Part of our professional responsibility is to communicate with parents about the progress their child is or is not making in your classroom. How much communication? How often to communicate? What way is best? There is no one answer to that. The answer is determined by what is both comfortable and effective for you as a professional.
I use a variety of ways to ensure that my parents know about what is happening in my classroom as well as how their child is doing. The following is a list of the types of communication and what I hope to accomplish with each.
Weekly News – this is a one-page summary that I compose at the end of each week of school. In it I summarize what has been our curriculum focus, as many good news items as possible, important upcoming dates and I typically try to add ways that parents can support their child at home. In addition, our weekly awards’ recipients are listed by name. It goes home on Monday and is due back signed by the following Monday. At the end of the year it is a yearbook for each child. As well I use it as a personal reflection of what I had accomplished that week and what direction I need to go the following week.
Sunshine Calls – these are random calls home where my sole focus is to share good news and celebrate each child. I try to time them with specific deeds of the students as the timing also provides a powerful mode of feedback. If I have to make a call home where the news is not good, I try to ensure that I increase the number of positive calls home after that.
Student Work – I constantly try to share as much of our finished work as possible with parents (not just the evaluation aspect). I will have students share their poetry, a story, read to their family and have the family sign it to show they have had it shared. At times, we invite families in to look at our art displays, attend a poetry recital or drama performance.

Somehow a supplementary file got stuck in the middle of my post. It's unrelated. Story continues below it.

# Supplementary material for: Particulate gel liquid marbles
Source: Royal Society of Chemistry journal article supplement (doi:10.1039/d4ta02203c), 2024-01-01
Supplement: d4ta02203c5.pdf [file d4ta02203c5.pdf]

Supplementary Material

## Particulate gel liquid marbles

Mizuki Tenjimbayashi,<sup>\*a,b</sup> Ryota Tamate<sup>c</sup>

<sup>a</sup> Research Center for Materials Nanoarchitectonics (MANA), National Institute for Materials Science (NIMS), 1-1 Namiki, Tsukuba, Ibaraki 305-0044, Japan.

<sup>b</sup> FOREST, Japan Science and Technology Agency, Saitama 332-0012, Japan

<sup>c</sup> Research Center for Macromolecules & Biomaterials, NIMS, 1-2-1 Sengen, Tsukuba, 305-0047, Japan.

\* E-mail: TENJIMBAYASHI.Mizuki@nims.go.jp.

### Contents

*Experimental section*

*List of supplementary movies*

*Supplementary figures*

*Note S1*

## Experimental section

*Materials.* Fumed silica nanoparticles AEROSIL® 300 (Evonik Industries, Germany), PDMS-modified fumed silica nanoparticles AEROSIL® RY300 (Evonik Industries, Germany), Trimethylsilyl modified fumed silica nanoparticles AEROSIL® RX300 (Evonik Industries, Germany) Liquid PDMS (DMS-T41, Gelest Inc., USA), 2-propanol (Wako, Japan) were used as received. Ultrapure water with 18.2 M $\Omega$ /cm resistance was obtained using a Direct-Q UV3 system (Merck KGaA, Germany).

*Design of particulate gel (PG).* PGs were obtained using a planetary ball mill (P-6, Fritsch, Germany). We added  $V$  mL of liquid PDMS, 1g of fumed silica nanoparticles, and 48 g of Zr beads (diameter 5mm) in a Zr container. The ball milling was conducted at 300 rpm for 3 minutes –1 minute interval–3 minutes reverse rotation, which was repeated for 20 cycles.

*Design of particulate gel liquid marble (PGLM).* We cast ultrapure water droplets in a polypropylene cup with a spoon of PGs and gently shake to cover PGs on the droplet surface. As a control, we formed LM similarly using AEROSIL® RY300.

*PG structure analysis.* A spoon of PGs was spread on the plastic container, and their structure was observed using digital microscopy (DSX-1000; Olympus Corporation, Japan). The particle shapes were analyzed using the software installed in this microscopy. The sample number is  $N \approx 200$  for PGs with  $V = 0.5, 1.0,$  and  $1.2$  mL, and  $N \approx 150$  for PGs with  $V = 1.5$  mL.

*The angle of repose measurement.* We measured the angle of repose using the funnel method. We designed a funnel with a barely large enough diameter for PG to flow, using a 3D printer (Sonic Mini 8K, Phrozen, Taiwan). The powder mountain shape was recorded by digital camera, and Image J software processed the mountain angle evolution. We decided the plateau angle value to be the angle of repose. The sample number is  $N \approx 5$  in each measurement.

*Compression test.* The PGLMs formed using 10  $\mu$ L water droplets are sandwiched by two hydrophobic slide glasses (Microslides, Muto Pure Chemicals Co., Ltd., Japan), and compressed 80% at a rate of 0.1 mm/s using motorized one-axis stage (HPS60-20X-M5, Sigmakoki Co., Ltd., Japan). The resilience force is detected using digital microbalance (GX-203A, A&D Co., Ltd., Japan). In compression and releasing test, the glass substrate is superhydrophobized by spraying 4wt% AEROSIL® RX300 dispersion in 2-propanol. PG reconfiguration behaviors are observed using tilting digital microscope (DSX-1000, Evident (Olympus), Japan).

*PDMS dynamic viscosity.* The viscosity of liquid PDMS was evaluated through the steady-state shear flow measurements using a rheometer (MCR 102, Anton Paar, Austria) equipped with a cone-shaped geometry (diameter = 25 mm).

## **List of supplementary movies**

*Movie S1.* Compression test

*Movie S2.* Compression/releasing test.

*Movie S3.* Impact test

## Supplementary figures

Monthly Calls – these are extra calls that go to families of my students who have academic or behavour struggles. It is important to keep families updated and to offer ways for them to support their child. It is too late if I wait until reporting time. There have been times when the frequency of these calls increase to bi-weekly or weekly updates.
Meetings – I work hard to have a face-to-face with each family regardless of whether their child has struggles or is working from an enriched curriculum. There are situations where these meetings are scheduled on a regular basis.
Surveys – Occasionally when I am looking at a special event (often a field trip) I will send a survey home outlining what my intended outcomes are, the proposed cost, details and get them to share their thoughts with me. This is sometimes easier for parents to do in written form.
I have made a personal choice to not use email or any kind of social media as a vehicle of communication to my families. There are pros and cons to this decision and should be left up to each teacher. I just caution you to make sure you are aware of the risks that can be associated with that practice so that you can ensure your protection. If you need more information about communication via social media, I would recommend you contact the ETFO Provincial Office.
The final item I would like to mention is that even though as teachers we have a professional responsibility to communicate to parents, we do not have to endure a parent’s tirade, be yelled at or verbally abused. You have the right to stop any meeting or conversation that is deemed inappropriate. Should you need support with a parent, contact your principal or your local ETFO leadership. The one thing my experience has taught me is that a parent’s approach or view about their child’s schooling is often influenced by the experience they had as a student (good and/or not so good).